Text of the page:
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This Wounded Veteran Wants To Strengthen the US Military. Critics Say He’s a Racist ‘Loser.’

Vets on Duty chairman Jason Church is 'laser-focused' on 'advocating for a strong national defense'

Jason Church
Jason Church
• July 21, 2022 3:12 pm

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A coalition of veterans dedicated to strengthening America’s military has been uniformly slammed as racist by their critics. It’s a surprisingly callous take on a group chaired by a Purple Heart recipient who lost both his legs in Afghanistan.

Jason Church, a retired U.S. Army captain, joined with other veterans of the war on terror to ensure the United States retains military supremacy. Their group, Veterans on Duty, is warning that progressive bureaucrats have taken control of the armed forces and are forcing troops to sit through diversity, equity, and inclusion seminars when they should be training for battle. The newly formed nonprofit aims to reverse this trend by recruiting veterans to leadership roles and supporting lawmakers and policies that will help keep the U.S. military battle-ready.

To mark the group’s launch, Church penned a New York Post op-ed laying out these problems and enumerating Veterans on Duty’s proposed solutions. Critics immediately accused him of racism.

The progressive group VoteVets tweeted that Church "makes the same arguments that were made against integration over 70 years ago." VoteVets, which is  chaired by Jon Soltz, who still has both of his legs, has spent tens of millions of dollars backing Democratic candidates, also slammed Church as a "loser congressional candidate." Church entered a 2020 special congressional election in Wisconsin in an effort to continue serving his country "even though the Taliban took my legs."

VoteVets CEO Janessa Goldbeck, who also has both of her legs, struck a similarly harsh note, calling Vets on Duty members "assholes" after saying, "50 years ago these people would have been mad about racial integration. Today they are mad about women and LGBT people in the military."

At no point in Church’s Post piece does he call for the military to exclude soldiers based on race or sexual orientation. But he isn’t surprised by the reaction to Veterans on Duty’s launch.

"The radical left has long used baseless accusations of bigotry to browbeat dissenters as it bends American institutions to its will," Church told the Washington Free Beacon. "This tired tactic should be ignored. We are laser-focused on our mission of advocating for a strong national defense and combating progressives’ efforts to corrode the military from within."

As Church points out, that corrosion couldn’t come at a worse time. In his Post piece, he notes that Iran is close to obtaining nuclear weapons, and the Chinese Navy last year "surpassed our own as the world’s largest," all while Russia is marching its armies through Ukraine.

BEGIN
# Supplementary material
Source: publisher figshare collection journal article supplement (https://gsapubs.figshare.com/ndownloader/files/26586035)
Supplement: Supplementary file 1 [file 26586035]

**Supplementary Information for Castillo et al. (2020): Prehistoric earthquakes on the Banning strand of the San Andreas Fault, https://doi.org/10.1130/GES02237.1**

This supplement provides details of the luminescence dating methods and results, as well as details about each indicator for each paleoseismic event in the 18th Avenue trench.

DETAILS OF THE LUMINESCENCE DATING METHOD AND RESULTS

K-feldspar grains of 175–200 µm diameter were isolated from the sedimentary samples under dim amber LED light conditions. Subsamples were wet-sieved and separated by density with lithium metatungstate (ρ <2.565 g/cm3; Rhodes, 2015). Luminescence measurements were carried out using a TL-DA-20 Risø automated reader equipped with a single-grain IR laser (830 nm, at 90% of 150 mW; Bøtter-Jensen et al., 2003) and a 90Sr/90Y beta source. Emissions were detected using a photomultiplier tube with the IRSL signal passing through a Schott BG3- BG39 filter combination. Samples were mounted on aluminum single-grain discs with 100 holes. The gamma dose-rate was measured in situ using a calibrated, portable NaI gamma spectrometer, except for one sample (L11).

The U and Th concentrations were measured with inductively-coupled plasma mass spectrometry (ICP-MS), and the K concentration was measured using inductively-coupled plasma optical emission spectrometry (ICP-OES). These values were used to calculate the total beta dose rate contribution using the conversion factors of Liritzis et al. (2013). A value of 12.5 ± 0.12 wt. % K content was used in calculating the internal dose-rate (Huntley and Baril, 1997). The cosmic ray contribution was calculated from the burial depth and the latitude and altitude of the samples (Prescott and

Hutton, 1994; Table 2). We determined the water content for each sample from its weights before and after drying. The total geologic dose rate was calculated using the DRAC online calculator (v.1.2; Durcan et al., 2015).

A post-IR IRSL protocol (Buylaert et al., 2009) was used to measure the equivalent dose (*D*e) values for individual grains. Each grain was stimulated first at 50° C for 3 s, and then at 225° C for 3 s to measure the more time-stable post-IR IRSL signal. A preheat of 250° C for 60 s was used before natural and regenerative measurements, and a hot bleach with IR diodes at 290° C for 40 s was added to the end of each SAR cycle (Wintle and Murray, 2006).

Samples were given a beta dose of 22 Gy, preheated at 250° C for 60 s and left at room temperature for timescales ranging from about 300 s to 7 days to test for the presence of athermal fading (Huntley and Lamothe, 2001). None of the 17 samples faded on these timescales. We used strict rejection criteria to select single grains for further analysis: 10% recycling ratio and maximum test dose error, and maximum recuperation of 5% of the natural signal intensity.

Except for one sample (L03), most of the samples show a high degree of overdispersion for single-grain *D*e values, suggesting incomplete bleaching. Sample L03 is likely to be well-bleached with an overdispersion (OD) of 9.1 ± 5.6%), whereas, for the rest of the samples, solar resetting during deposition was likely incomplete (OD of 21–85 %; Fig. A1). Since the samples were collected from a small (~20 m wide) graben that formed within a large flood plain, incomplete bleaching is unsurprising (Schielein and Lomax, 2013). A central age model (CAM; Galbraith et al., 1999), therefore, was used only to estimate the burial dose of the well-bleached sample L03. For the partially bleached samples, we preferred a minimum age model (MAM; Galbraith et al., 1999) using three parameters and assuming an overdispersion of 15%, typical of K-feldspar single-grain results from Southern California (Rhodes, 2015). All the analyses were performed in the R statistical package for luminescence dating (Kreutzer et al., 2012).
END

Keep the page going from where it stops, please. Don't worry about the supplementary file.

Members of the media were also quick to criticize Church’s piece.

"I’m just woke enough to say you … are a fucking idiot," MSNBC pundit Malcom Nance tweeted at Church. Nance, who tweeted "#DealWithIt" after terrorists killed 13 U.S. soldiers outside Kabul Airport in Afghanistan last summer, called Church "another pro-Trump Summer Soldier begging to be given a public paycheck for exhibiting asshattery & beclownment  above and beyond the Call of Duty."

"Just imagine how all these right-wingers would have reacted with horror if they had been around when Harry Truman desegregated the military," tweeted Max Boot, a Washington Post columnist who has not served in the military. "Now that was woke!"

Jeremy C. Hunt, a black military veteran who serves on Veterans on Duty’s board, quickly rebuffed Boot’s accusation. "We care about a military that wins," Hunt wrote. "If you want an example of modern segregation in the military, look no further than the Biden administration’s racist DEI protocols that you defend."

Those protocols include instructional videos that teach Navy cadets how to use gender pronouns, and "gender identity" training for Green Berets, the Free Beacon originally reported.

Still, Boot tells the Free Beacon that he stands by his claim "that the right-wingers who today decry the supposedly ‘woke' military would have opposed the integration of the military in 1948."

"How do I know? Because that was the conservative position back then," said Boot, adding that "this whole ‘Vets on Duty' exercise looks to be mere partisan politics designed to bash Democrats—not a serious attempt to protect the military."

Jay Kramer, executive director of Veterans on Duty, says that politics is precisely what puts the military at risk.

"At a time of growing threats to the United States, progressive ideologues are pushing radical policies that undermine the men and women of our military," Kramer told the Free Beacon. "While out-of-touch commentators focus more on messaging than substance, we are joining with like-minded veterans nationwide to do the hard work to ensure our military remains lethal and effective."

VoteVets and Goldbeck did not return Free Beacon requests for comment. Nance could not be reached for comment.